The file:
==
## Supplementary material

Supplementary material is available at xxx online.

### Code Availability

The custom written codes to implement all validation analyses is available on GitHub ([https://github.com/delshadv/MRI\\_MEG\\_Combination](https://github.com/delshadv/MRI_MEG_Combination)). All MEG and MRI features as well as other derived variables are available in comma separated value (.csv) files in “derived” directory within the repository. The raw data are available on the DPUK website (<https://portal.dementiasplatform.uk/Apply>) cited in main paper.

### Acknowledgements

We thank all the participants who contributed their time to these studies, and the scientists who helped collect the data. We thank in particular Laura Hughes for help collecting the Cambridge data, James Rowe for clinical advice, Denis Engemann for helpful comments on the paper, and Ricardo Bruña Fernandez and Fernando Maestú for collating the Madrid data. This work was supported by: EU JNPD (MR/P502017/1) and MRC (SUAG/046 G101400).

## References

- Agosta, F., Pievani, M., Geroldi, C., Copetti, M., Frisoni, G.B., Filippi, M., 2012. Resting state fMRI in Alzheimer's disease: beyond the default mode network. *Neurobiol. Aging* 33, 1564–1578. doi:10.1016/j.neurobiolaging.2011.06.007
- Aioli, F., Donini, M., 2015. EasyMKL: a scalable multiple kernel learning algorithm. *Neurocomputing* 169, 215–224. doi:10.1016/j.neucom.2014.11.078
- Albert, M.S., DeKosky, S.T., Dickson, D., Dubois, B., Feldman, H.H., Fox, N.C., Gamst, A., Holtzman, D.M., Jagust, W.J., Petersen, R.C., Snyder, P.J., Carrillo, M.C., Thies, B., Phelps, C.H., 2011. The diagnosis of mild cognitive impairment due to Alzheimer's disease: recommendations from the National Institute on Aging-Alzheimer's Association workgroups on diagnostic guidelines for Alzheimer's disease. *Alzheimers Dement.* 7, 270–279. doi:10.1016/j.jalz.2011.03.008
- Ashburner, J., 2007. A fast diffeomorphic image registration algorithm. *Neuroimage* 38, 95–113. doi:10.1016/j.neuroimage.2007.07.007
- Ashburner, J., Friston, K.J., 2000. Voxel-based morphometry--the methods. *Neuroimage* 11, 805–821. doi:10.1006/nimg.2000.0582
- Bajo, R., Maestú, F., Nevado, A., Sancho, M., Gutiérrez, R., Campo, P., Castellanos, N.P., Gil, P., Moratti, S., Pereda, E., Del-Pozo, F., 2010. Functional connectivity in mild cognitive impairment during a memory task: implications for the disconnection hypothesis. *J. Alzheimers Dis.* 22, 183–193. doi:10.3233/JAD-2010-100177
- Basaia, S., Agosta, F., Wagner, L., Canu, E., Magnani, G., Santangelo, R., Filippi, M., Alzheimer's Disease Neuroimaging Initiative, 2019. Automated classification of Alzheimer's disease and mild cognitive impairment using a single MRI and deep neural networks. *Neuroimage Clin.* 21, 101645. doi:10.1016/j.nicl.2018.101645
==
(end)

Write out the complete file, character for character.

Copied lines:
## Supplementary material

Supplementary material is available at xxx online.

### Code Availability

The custom written codes to implement all validation analyses is available on GitHub ([https://github.com/delshadv/MRI\\_MEG\\_Combination](https://github.com/delshadv/MRI_MEG_Combination)). All MEG and MRI features as well as other derived variables are available in comma separated value (.csv) files in “derived” directory within the repository. The raw data are available on the DPUK website (<https://portal.dementiasplatform.uk/Apply>) cited in main paper.

### Acknowledgements

We thank all the participants who contributed their time to these studies, and the scientists who helped collect the data. We thank in particular Laura Hughes for help collecting the Cambridge data, James Rowe for clinical advice, Denis Engemann for helpful comments on the paper, and Ricardo Bruña Fernandez and Fernando Maestú for collating the Madrid data. This work was supported by: EU JNPD (MR/P502017/1) and MRC (SUAG/046 G101400).

## References

- Agosta, F., Pievani, M., Geroldi, C., Copetti, M., Frisoni, G.B., Filippi, M., 2012. Resting state fMRI in Alzheimer's disease: beyond the default mode network. *Neurobiol. Aging* 33, 1564–1578. doi:10.1016/j.neurobiolaging.2011.06.007
- Aioli, F., Donini, M., 2015. EasyMKL: a scalable multiple kernel learning algorithm. *Neurocomputing* 169, 215–224. doi:10.1016/j.neucom.2014.11.078
- Albert, M.S., DeKosky, S.T., Dickson, D., Dubois, B., Feldman, H.H., Fox, N.C., Gamst, A., Holtzman, D.M., Jagust, W.J., Petersen, R.C., Snyder, P.J., Carrillo, M.C., Thies, B., Phelps, C.H., 2011. The diagnosis of mild cognitive impairment due to Alzheimer's disease: recommendations from the National Institute on Aging-Alzheimer's Association workgroups on diagnostic guidelines for Alzheimer's disease. *Alzheimers Dement.* 7, 270–279. doi:10.1016/j.jalz.2011.03.008
- Ashburner, J., 2007. A fast diffeomorphic image registration algorithm. *Neuroimage* 38, 95–113. doi:10.1016/j.neuroimage.2007.07.007
- Ashburner, J., Friston, K.J., 2000. Voxel-based morphometry--the methods. *Neuroimage* 11, 805–821. doi:10.1006/nimg.2000.0582
- Bajo, R., Maestú, F., Nevado, A., Sancho, M., Gutiérrez, R., Campo, P., Castellanos, N.P., Gil, P., Moratti, S., Pereda, E., Del-Pozo, F., 2010. Functional connectivity in mild cognitive impairment during a memory task: implications for the disconnection hypothesis. *J. Alzheimers Dis.* 22, 183–193. doi:10.3233/JAD-2010-100177
- Basaia, S., Agosta, F., Wagner, L., Canu, E., Magnani, G., Santangelo, R., Filippi, M., Alzheimer's Disease Neuroimaging Initiative, 2019. Automated classification of Alzheimer's disease and mild cognitive impairment using a single MRI and deep neural networks. *Neuroimage Clin.* 21, 101645. doi:10.1016/j.nicl.2018.101645